And keep in mind: you don’t have to take my word that Loomis’s sophisticated but practical course of instruction will benefit any student of art who wishes to become proficient at drawing lively human figures in deep pictorial space from imagination as well as from life. Loomis’s books have been available for free download online for several years now. So before you order, you have nobody but yourself to blame if you haven’t already test-driven the content; however, if you have already taken Loomis’s analytical concepts and encouraging words for a spin, and you have a notion that what Loomis has to offer will help you get where you want to go as an artist, now is definitely the time to buy, because I daresay that even if you are much, much younger than I am, you are unlikely to see better reprints of Loomis’s books in your lifetime — though if Titan Books also decides to publish softcover editions, you might, eventually, see slightly cheaper ones.

See also:

Heads Up: “Drawing the Head and Hands” by Andrew Loomis

Andrew Loomis · Art Instruction · Artistic Anatomy · Heads Up!


Back on 10 November 2010, I posted to alert readers to the possible re-publication, in hardcover, of the art-instruction classic, Figure Drawing for All It’s Worth, by Andrew Loomis (see Heads Up: “Figure Drawing” by Andrew Loomis).

Well, I don’t have the book in my hands yet, but earlier today I received notification from that my order for “Figure Drawing for All It’s Worth” has shipped! Which is odd, because when I subsequently checked the record in the catalogue, the status of Loomis’s book was given as “Preorder Today! – Not Yet Released.” But apparently being “not yet released” is no hindrance to shipment via Canada Post!

I’ll certainly update this message if and when the book actually arrives at my door. But I have to say that, right now, it’s looking pretty damn good!


The good news is, the book arrived at my door about an hour ago! The better news is, Figure Drawing for All It’s Worth from Titan Books is exactly what any artist who is also a bibliophile would wish for in a Loomis reprint: hardcover, sewn binding, classic dustjacket, classic trim size (9.23 x 12.3 inches), excellent paper selection, crisp reproduction, and no silly additions. And what’s more, given the overall excellence of this reprint, the very best news is, the bottom corner of the back cover flap includes the following notice:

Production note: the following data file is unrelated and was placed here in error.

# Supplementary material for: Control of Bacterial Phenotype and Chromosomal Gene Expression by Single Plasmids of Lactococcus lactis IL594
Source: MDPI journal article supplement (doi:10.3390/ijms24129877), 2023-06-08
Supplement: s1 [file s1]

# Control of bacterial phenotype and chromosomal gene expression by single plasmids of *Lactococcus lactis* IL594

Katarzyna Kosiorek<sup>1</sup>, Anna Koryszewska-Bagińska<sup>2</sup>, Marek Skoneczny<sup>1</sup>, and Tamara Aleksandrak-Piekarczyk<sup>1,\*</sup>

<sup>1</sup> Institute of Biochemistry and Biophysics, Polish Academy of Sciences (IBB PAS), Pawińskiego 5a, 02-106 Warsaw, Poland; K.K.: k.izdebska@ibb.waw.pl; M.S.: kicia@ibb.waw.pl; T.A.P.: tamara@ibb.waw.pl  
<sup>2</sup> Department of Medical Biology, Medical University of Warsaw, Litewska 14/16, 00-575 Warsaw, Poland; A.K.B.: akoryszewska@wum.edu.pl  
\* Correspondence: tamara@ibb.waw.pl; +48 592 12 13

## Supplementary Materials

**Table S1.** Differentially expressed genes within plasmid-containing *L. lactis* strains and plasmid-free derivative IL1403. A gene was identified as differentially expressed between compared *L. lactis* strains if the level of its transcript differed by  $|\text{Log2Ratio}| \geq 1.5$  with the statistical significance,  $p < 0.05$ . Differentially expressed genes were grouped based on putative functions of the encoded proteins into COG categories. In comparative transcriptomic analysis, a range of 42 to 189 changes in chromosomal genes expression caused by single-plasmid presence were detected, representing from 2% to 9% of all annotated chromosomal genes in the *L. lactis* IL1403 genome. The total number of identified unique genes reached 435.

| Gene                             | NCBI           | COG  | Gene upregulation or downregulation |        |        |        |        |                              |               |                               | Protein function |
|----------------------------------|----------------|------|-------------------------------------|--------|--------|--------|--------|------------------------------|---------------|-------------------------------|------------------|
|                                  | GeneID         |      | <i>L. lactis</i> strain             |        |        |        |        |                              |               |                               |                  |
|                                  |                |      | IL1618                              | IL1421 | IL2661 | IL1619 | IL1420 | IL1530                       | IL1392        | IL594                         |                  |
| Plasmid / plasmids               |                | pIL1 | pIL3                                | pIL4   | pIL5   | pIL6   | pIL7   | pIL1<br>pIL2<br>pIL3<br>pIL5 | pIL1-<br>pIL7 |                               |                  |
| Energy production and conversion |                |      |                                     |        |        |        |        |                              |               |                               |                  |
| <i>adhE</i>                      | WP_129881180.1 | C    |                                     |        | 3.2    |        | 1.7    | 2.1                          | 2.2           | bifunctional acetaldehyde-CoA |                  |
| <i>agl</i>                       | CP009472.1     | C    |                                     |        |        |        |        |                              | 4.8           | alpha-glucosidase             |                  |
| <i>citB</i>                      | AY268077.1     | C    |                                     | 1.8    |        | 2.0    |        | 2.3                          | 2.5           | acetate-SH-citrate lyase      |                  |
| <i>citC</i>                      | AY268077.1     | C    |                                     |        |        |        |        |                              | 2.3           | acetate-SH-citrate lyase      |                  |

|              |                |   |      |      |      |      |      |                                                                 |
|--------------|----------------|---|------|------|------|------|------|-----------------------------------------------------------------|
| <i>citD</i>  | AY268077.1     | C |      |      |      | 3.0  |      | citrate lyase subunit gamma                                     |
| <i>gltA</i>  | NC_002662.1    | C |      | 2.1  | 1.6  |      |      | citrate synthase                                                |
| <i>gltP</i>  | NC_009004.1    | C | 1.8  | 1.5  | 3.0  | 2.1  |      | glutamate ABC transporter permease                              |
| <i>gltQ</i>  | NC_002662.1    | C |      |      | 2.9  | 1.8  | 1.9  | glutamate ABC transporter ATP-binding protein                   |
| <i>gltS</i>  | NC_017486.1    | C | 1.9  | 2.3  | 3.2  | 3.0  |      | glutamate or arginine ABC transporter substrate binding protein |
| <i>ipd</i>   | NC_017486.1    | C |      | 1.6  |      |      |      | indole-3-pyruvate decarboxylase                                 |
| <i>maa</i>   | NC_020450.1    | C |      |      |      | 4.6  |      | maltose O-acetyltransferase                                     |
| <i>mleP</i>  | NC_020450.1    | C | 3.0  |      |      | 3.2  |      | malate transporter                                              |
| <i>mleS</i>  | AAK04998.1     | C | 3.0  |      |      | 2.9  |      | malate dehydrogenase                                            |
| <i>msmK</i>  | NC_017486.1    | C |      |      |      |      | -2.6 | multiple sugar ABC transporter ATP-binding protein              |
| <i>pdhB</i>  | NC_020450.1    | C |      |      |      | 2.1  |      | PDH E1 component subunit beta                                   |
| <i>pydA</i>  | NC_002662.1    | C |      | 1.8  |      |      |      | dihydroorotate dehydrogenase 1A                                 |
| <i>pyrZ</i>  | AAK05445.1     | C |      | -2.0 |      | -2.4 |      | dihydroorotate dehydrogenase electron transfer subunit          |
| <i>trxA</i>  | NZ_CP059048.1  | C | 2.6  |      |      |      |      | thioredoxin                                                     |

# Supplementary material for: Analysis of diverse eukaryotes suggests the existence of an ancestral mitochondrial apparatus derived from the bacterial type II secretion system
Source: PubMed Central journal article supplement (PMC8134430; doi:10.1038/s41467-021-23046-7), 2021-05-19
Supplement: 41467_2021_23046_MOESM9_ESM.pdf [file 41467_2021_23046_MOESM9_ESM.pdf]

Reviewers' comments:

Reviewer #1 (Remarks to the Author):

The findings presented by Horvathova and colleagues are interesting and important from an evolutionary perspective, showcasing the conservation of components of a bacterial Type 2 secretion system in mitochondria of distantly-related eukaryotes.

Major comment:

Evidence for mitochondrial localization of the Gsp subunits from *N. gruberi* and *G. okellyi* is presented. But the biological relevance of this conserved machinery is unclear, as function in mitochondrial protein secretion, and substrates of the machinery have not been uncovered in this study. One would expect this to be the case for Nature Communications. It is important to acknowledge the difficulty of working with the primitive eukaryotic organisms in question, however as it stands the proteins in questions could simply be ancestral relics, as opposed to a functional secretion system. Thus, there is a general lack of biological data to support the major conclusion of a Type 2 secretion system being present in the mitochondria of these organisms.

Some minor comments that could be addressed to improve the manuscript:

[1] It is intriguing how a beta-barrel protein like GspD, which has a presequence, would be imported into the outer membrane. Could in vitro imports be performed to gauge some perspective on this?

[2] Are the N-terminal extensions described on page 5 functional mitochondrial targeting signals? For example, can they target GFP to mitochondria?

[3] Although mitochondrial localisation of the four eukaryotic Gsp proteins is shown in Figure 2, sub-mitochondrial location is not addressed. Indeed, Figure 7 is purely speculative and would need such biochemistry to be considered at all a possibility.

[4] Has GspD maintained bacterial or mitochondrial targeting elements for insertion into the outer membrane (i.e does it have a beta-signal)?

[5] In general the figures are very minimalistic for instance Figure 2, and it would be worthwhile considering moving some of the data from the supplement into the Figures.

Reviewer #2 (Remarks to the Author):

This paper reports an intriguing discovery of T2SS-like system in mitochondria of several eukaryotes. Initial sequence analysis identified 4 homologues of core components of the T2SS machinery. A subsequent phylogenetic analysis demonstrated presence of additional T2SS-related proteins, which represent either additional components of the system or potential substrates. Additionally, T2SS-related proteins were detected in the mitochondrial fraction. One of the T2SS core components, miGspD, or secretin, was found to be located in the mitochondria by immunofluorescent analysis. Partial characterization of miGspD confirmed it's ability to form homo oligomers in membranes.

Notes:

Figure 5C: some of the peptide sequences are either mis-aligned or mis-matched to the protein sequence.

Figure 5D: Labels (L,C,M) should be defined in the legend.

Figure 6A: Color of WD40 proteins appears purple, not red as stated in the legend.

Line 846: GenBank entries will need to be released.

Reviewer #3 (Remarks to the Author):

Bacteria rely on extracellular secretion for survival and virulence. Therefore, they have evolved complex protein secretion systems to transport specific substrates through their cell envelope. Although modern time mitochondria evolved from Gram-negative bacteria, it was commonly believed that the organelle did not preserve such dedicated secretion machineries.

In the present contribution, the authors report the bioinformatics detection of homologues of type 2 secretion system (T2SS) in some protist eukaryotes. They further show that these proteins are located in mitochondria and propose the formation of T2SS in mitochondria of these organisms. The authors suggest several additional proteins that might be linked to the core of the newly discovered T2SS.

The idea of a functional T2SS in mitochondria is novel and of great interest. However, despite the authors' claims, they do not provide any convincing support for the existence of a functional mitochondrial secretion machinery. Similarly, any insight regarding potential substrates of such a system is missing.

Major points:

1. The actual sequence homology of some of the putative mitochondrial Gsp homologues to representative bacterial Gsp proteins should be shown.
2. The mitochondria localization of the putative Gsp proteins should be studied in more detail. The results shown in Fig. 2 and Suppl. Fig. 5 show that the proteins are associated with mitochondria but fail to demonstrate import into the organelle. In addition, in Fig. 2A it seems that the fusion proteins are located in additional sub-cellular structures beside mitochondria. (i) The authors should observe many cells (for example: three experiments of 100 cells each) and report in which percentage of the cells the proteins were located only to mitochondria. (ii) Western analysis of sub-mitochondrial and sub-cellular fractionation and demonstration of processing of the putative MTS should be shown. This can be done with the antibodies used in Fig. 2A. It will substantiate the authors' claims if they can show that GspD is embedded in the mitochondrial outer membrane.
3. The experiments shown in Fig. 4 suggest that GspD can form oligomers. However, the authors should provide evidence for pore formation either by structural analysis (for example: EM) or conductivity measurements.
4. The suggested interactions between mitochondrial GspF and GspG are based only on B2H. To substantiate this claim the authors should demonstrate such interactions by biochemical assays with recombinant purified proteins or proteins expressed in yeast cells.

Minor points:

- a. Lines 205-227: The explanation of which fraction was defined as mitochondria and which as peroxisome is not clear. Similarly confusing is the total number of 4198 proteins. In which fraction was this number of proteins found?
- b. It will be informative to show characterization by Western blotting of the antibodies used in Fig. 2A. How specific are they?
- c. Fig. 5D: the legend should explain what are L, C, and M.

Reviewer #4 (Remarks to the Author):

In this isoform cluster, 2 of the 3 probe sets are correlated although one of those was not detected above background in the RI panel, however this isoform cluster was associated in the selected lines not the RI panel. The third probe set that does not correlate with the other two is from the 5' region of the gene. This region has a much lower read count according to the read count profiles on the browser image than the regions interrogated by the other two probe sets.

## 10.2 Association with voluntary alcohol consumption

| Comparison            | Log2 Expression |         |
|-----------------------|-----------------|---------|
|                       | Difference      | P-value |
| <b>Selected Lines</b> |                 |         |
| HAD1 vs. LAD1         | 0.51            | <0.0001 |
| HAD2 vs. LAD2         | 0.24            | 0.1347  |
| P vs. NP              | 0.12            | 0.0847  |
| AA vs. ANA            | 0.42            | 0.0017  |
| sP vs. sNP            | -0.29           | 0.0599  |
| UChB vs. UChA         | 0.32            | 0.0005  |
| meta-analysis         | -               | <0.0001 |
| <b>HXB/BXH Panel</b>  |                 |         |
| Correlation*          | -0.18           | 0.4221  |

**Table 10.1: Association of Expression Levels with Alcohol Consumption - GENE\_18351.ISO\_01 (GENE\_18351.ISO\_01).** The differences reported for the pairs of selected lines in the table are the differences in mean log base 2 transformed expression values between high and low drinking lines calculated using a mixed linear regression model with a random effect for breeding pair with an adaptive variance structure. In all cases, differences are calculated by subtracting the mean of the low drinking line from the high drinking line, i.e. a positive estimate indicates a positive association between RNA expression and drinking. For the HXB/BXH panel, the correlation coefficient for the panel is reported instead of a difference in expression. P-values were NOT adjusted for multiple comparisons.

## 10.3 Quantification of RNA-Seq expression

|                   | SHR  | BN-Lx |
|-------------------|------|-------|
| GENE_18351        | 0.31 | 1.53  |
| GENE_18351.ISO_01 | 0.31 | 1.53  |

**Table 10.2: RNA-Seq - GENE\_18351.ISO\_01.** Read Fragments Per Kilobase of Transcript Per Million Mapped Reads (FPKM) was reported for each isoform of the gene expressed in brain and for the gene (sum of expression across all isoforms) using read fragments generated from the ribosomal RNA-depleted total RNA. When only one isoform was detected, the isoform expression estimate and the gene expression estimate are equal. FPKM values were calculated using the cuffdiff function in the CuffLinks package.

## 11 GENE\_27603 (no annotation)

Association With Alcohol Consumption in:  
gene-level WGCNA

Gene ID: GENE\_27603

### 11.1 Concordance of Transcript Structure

Drawing the Head and Hands
Fun with a Pencil
Creative Illustration

So collect ’em all, folks! You won’t regret it.

Andrew Loomis · Art Instruction · Artistic Anatomy · Heads Up!

Heads Up: “Figure Drawing” by Andrew Loomis

I don’t know whether to believe this or not — other Loomis reprints have been announced before and come to nothing — but an search of drawing books to be published in 2011 brings up the following:

Figure Drawing [Hardcover]

Andrew Loomis (Author)

List Price: CDN$ 46.00
Price: CDN$ 28.84 & this item ships for FREE with Super Saver Shipping. Details
You Save: CDN$ 17.16 (37%)

This title will be released on May 31, 2011.

# Hardcover: 208 pages
# Publisher: Titan Books (May 31 2011)
# Language: English
# ISBN-10: 0857680986
# ISBN-13: 978-0857680983

It’s strange to think that Loomis’s legendary art instruction books are all out of print in English. I read once that the lack of reprint editions had something to do with a certain lack of interest on the part of the copyright holders; however, if the copyright holders have had a change of heart, all I can say is, HALLELUJAH!

Of course, Loomis’s books are all available for download from various sites, but I say that a book in the hand is worth a dozen on the hard drive.


Heads Up Follow-up: FIGURE DRAWING FOR ALL IT’S WORTH! — in which I confirm that the Titan Books reprint is really real.

Art Instruction · Link Roundup · Oh the places I've been...

Free Art Instruction: A Few Good Links